Are You Looking for a Helping Hand Up and Not a Hand Out?

If you are looking for a helping hand in the entertainment industry, then you’d do best to look at your own two.

I know that sounds harsh, but if you’ve ever worked or tried to work in the entertainment industry you’ll know exactly what I mean. The myth of “being discovered” as you are walking down the street, sitting on an airplane singing, or even as you are performing in a small nightclub or Town Hall in some small town USA is simply that, a myth, another urban legend. (And trust me, if you hear someone tell you they were discovered that way, it’s probably a marketing ploy they are trying to sell you on or they invited the “discoverer” to the venue or to walk down the street with them!)

Put it this way, you have a better chance at winning a multi-state lottery with a $1.00 ticket, and then you’ll have of being discovered this way in the entertainment industry. The meaning of the word “myth” is: “false popular belief,” and from the letters and emails I receive there are a lot of false popular beliefs going around.

The odds of “making it” big in the Christina Aguilera, Steven Spielberg, Claire Danes kind of way is far too great and would make it seem impossible. So why try? Well some people do make it or there wouldn’t be any Christina Aguilera’s or Steven Spielberg’s out there.

But let’s face it, the odds are still huge. There are literally millions of aspiring artists, actors, singers, musicians, producers, film directors, etc. to every one that are actually employed in their craft Statistics approximate this figure in the range of only 2% of any of these individuals trying to get hired in these fields are actually able to pay their rent strictly from their art. That’s pretty staggering.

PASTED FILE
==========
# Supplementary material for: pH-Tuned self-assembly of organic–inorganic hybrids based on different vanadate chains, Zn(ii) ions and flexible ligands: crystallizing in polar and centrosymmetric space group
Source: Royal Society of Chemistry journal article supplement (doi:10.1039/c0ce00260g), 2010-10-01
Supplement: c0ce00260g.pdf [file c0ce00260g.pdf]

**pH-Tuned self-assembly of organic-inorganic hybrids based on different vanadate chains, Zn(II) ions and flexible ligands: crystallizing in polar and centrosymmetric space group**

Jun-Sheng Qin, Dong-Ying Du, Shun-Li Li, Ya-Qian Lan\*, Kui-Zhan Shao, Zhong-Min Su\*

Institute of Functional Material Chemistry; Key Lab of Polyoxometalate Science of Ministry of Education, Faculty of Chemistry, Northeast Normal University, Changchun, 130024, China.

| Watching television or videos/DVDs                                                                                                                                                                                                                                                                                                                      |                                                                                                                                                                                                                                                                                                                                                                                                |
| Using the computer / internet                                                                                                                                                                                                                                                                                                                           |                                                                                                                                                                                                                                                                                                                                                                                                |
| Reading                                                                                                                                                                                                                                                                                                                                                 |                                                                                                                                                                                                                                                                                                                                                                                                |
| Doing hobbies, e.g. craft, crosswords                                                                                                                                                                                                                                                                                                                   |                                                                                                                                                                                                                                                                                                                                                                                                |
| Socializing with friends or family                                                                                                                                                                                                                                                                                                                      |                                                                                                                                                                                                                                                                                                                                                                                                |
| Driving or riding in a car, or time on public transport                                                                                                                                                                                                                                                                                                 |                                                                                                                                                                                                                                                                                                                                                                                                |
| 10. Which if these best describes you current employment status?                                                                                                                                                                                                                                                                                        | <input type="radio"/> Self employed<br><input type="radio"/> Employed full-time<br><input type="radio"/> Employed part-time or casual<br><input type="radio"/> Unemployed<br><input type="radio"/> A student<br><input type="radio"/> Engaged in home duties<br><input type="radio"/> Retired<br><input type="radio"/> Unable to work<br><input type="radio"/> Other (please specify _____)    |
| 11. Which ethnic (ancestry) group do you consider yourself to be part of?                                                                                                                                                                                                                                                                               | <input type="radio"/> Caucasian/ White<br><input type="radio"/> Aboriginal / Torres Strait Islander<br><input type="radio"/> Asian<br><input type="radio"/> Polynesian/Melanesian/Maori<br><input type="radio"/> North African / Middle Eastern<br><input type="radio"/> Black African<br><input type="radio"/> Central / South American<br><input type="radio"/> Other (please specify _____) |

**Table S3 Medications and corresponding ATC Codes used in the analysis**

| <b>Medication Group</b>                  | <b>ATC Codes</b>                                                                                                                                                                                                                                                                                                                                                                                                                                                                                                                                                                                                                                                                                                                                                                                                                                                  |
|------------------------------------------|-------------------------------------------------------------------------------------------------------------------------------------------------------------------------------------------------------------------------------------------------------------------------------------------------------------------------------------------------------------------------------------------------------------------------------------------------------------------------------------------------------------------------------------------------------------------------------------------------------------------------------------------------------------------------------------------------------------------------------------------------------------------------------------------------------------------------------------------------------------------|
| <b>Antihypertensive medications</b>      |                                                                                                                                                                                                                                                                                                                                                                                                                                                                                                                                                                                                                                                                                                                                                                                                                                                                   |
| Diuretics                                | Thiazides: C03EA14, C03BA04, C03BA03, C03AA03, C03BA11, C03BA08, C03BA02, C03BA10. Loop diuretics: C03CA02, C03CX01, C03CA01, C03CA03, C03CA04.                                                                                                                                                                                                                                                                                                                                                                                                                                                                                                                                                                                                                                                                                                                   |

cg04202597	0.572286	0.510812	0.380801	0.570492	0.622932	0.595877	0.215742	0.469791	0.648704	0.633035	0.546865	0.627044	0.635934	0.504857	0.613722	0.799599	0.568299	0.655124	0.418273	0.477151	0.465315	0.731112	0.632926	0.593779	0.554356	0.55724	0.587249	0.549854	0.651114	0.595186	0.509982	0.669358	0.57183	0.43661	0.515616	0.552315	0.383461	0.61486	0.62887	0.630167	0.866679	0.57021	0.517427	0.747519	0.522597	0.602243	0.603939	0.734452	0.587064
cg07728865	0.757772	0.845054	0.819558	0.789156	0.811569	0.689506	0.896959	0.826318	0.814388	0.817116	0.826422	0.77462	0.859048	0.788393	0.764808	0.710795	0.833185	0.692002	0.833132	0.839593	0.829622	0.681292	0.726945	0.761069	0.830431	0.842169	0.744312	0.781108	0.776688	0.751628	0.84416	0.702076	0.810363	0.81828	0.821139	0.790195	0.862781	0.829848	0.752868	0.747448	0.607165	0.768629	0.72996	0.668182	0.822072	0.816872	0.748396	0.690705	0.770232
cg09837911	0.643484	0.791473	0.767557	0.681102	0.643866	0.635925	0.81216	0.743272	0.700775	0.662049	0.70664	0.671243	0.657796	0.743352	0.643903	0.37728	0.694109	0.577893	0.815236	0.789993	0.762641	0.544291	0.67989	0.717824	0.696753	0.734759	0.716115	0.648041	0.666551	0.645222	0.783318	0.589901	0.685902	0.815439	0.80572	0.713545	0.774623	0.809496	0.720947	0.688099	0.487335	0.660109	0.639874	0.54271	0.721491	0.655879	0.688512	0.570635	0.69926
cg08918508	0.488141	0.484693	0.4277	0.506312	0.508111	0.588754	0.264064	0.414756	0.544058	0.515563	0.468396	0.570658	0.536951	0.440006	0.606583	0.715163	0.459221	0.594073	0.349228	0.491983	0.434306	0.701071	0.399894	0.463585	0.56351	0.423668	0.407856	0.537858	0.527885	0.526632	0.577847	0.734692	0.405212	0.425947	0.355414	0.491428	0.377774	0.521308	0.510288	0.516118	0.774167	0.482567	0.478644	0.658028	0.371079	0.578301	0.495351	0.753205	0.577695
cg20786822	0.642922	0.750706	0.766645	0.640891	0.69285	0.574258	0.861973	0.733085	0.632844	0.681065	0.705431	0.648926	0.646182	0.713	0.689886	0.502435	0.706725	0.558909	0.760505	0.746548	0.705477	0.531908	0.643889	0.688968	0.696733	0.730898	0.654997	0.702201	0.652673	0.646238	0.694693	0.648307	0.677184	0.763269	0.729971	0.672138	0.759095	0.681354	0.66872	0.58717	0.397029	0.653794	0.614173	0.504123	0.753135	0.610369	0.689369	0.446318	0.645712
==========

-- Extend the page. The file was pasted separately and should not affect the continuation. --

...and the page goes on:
While the odds are staggering, it doesn’t mean you can’t “make it.” However, I wouldn’t count on a lot of help from others in the industry. The hands that may reach out to help you may also be the ones that are reaching for the same job or position as you, and may end up pushing you down. Accept help from others, but keep a watchful eye out. Always remember that the helping hands that you really need are your own two hands. You have a hand to help yourself, and a hand to help others. Remember the adage, “Those you pass by on your way up the ladder are the same ones you see on your way down.”

You have to work hard, reach for every opportunity, be reliable and steadfast, and be in the right place in the right time. You need to watch the want ads, read the entertainment papers and find out who’s who in the business. You really must socialize and above all, don’t pretend to be someone or something you aren’t.

The business is already filled with too many individuals who are not themselves and they can see through an act like that in an instant. Frankly people in the industry are pretty tired of it. You’ll get more attention by being genuine. Be fresh and sincere. After all, it’s you that you’re selling not an imitation of something or someone. You are all you have. If you don’t let them see the real you, first and foremost, or if you don’t believe in yourself and your own talents, then you shouldn’t be in the game in the first place.